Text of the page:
This week: the latest from Lee Child, plus a hilarious novel about twins with a very special power.
At the start of bestseller Child’s riveting 24th Jack Reacher novel (after 2018’s Past Tense), peripatetic vigilante Reacher rescues an elderly man carrying an envelope full of cash, Aaron Shevick, from a would-be mugger in an unnamed American city. Reacher escorts the shaken Shevick home, where he meets the man’s wife and soon learns the couple are deeply indebted to loan sharks because of huge medical bills. Shevick is supposed to deliver the cash to an Albanian crook named Fisnik in a bar later that day, but when Fisnik doesn’t show, Reacher ends up impersonating Shevick at the rescheduled meeting with Fisnik’s replacement, a Ukrainian thug, who’s never met Shevick. A turf war has just begun between the city’s rival Ukrainian and Albanian gangs, and Reacher lands in the thick of it in his efforts to help the Shevicks. Reacher applies his keen analytical skills to numerous violent confrontations with bad guys who aren’t as smart as he is. Readers will cheer as Reacher and his allies, a resourceful waitress and two fellow ex-military guys he hooks up with, take the fight straight to the top of the criminal command chain. Child is at the top of his game in this nail-biter.
Art, debauchery, nightlife, and lowlifes fill out this rollicking biography of the celebrated British painter. Art critic and curator Feaver (Frank Auerbach) follows Lucian Freud (1922–2011), grandson of psychologist Sigmund Freud, through his rise to the top of Britain’s art scene, where his realist portraits thrummed with tension and suspicion, perhaps because of the marathon sittings his models endured or the pitiless depictions of flesh in his paintings. Feaver has much to say about the art— “Here are individual fingernails and individual hairs, some with split ends,” he writes of the landmark Girl with Roses, “as fully realized as the golden tresses of a Dürer”—but more about Freud’s daily picaresque: the relentless womanizing (he fathered 12 illegitimate children), the studied eccentricities (he carpeted his studio with broken glass), the gambling addiction that saddled him with debts to gangsters, and the swirl of colorful acquaintances, from nobility to famous artists to petty criminals, all of whom he painted. Feaver heavily quotes from his interviews with Freud, and the artist’s chatty, insouciant voice—“I said, ‘I’m going to pay you when I’ve got the money and if you kill me you won’t get the money,’ an argument that impressed them”—suffuses the book. The result is a riotously entertaining narrative that immerses readers in Freud’s beguiling sensibility.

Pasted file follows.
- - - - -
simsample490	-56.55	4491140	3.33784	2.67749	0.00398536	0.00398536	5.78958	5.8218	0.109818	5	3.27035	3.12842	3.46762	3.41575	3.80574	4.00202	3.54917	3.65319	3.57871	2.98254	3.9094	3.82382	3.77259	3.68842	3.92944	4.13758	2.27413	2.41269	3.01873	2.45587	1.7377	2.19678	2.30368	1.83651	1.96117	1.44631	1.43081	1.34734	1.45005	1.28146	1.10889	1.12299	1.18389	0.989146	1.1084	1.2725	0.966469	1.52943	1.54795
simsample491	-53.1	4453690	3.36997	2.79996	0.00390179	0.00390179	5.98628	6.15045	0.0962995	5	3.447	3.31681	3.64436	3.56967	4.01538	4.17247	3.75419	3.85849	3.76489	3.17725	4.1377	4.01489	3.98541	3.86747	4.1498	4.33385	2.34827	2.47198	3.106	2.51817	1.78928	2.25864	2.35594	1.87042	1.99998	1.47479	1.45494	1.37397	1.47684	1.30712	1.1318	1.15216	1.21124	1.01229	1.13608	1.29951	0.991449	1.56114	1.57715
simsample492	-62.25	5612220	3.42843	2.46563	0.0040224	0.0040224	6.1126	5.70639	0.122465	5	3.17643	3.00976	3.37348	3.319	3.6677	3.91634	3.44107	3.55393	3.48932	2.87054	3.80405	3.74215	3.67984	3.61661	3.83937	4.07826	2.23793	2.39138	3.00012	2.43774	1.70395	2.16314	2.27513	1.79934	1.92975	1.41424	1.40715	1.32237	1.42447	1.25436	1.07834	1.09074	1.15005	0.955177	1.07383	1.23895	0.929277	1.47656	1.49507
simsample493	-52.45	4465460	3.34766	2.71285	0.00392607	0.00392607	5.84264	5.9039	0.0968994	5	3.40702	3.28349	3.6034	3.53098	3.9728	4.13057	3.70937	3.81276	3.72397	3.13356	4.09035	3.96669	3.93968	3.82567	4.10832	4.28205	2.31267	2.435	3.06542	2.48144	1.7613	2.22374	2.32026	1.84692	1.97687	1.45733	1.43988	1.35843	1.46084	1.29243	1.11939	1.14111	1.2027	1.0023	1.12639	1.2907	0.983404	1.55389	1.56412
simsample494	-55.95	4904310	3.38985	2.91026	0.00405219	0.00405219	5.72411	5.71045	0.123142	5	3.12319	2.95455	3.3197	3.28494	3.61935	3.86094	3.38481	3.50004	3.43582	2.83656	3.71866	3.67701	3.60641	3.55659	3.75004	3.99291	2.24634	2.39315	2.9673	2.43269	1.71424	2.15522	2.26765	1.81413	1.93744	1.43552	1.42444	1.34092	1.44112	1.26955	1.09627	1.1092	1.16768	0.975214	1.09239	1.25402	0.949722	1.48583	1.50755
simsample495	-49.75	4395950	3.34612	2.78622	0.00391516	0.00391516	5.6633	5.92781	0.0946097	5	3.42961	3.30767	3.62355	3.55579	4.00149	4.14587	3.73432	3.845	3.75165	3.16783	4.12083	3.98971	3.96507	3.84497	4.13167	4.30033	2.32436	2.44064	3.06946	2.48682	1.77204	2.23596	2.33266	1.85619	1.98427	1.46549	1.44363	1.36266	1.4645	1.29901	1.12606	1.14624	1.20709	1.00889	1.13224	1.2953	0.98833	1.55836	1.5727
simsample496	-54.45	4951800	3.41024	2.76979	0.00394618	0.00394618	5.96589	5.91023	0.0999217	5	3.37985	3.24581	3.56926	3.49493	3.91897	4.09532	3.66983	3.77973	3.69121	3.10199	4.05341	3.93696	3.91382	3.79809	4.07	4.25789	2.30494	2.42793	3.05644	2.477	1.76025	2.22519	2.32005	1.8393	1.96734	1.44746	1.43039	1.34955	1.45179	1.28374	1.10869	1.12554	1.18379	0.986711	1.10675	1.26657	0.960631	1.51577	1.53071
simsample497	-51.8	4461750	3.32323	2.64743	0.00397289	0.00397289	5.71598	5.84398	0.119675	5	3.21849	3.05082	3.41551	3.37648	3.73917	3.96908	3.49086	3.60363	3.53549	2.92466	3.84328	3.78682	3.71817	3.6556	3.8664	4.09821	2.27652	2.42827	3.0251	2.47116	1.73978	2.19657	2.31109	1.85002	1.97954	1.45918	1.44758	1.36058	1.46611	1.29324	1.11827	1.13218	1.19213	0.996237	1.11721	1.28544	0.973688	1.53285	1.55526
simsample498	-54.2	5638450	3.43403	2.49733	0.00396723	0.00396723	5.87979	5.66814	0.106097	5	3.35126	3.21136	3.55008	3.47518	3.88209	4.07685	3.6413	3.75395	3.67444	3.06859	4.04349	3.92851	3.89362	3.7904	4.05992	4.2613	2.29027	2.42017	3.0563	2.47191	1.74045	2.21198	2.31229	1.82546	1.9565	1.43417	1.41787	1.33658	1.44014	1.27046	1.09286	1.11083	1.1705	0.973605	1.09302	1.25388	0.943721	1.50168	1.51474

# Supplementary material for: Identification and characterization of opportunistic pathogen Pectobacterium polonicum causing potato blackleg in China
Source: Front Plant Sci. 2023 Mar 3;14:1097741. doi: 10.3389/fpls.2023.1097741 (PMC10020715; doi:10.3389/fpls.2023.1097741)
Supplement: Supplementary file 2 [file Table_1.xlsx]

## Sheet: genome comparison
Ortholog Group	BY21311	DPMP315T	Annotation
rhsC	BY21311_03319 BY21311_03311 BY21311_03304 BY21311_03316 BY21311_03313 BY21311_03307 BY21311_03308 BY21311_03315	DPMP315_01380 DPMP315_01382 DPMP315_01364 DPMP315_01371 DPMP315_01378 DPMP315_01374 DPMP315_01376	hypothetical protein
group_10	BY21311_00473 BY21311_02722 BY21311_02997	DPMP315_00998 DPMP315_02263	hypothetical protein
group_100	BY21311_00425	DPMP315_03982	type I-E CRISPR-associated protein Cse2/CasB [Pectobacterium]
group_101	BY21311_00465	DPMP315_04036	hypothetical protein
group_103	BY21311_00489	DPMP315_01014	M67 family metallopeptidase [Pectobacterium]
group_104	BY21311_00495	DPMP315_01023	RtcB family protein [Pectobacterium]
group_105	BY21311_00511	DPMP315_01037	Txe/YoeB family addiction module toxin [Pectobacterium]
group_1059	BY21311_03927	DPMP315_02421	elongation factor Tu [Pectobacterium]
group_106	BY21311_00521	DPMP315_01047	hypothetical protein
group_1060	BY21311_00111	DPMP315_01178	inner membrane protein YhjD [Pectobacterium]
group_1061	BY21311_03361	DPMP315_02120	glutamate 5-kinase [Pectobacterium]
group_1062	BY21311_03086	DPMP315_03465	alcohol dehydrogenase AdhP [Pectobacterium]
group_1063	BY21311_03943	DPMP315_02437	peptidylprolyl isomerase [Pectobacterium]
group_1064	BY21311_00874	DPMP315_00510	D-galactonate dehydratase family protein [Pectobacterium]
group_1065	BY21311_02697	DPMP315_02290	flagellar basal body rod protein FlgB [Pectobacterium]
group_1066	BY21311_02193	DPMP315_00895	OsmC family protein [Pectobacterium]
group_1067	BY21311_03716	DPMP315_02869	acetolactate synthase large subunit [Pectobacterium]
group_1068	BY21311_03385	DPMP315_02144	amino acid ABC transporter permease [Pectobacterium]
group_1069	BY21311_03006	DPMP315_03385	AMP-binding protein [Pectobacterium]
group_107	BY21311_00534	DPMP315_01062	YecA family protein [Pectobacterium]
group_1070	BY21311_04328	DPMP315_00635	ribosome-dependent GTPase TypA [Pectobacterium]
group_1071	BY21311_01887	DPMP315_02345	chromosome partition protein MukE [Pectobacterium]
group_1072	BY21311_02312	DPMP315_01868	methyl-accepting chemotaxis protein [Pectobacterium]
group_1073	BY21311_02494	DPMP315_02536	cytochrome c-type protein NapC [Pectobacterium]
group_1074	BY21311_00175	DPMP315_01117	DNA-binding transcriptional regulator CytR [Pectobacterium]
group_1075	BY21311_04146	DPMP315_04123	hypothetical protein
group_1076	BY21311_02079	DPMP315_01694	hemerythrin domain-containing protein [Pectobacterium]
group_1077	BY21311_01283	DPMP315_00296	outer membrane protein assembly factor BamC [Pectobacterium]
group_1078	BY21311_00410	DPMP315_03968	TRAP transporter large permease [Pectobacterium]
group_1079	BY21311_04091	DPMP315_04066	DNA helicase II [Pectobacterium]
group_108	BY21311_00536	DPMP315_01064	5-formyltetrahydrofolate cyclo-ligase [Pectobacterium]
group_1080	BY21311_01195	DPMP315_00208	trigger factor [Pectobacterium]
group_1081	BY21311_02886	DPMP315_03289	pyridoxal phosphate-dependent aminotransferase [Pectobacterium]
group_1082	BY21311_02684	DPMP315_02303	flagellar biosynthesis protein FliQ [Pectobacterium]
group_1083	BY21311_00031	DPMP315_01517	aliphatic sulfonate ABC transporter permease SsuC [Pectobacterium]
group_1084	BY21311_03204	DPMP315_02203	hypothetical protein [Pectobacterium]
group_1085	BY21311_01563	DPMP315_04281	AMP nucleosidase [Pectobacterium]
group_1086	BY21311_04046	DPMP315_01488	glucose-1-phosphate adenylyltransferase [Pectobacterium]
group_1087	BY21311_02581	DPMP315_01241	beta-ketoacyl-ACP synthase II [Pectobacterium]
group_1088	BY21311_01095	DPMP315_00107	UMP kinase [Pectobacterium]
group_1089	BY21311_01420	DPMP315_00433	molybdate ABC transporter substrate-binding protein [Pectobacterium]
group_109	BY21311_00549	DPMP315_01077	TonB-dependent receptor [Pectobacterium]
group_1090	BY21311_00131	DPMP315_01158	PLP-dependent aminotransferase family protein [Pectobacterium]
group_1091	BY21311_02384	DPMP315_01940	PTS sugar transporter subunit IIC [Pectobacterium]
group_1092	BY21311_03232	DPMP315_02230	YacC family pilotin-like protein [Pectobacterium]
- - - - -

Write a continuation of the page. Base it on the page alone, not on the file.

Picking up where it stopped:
Invoking the spirit of Earthrise, astronaut Bill Anders’s epoch-marking photo of Earth from space, Grant’s collection of breathtaking satellite photos offers a mind-altering shift in perspective adapted for young readers. Grouped by theme, the first section, “An Amazing Earth,” focuses on the Earth’s wonders, and the second, “An Amazing Earth and Us,” reveals the dramatic impacts of human life on the planet. The crisp photos mesmerize (the ferocious froth of Niagara Falls) and sober (a patchwork marking relentless rainforest devastation in Brazil). Concise captions explain each image, and reiterate the idea of human responsibility: “With this new perspective comes understanding. I believe that if we come together and use this knowledge thoughtfully, we will create a better future for our one and only home.” Ages 8–12.
In this beautiful, heart-wrenching memoir, country music singer-songwriter Moorer describes how her life changed at 14 when her father shot her mother and himself dead in their front yard in Mobile, Ala. In lyrical prose, Moorer earnestly confronts an early childhood in the 1970s spent tiptoeing around a violent, alcoholic father, hiding behind a protective older sister (Grammy-winning singer-songwriter Shelby Lynne) who was “always too close to the middle of things,” and reaching out to her beloved mother: “[Moorer’s father] got between us when I was a girl, and he gets between us now, taking up all the space and spreading over my memories of her like coffee spilled on a white tablecloth.” But there were flickers of happiness when the family made music together. In single-page chapters scattered throughout, Moorer meditates on objects of her childhood, like her mother’s coffee cups and her father’s battered 1964 B-25 Gibson guitar, which Moorer plays on all of her records. Three decades after the crime, the sisters continue to make music together to get through their lives, always harmonizing: “I dip when she dives, I go under to catch her, she hovers above to lift me.” Moorer’s masterful, comforting storytelling may serve as solace for those who’ve faced abuse, a signal for those in it to get out, and an eye-opener for others.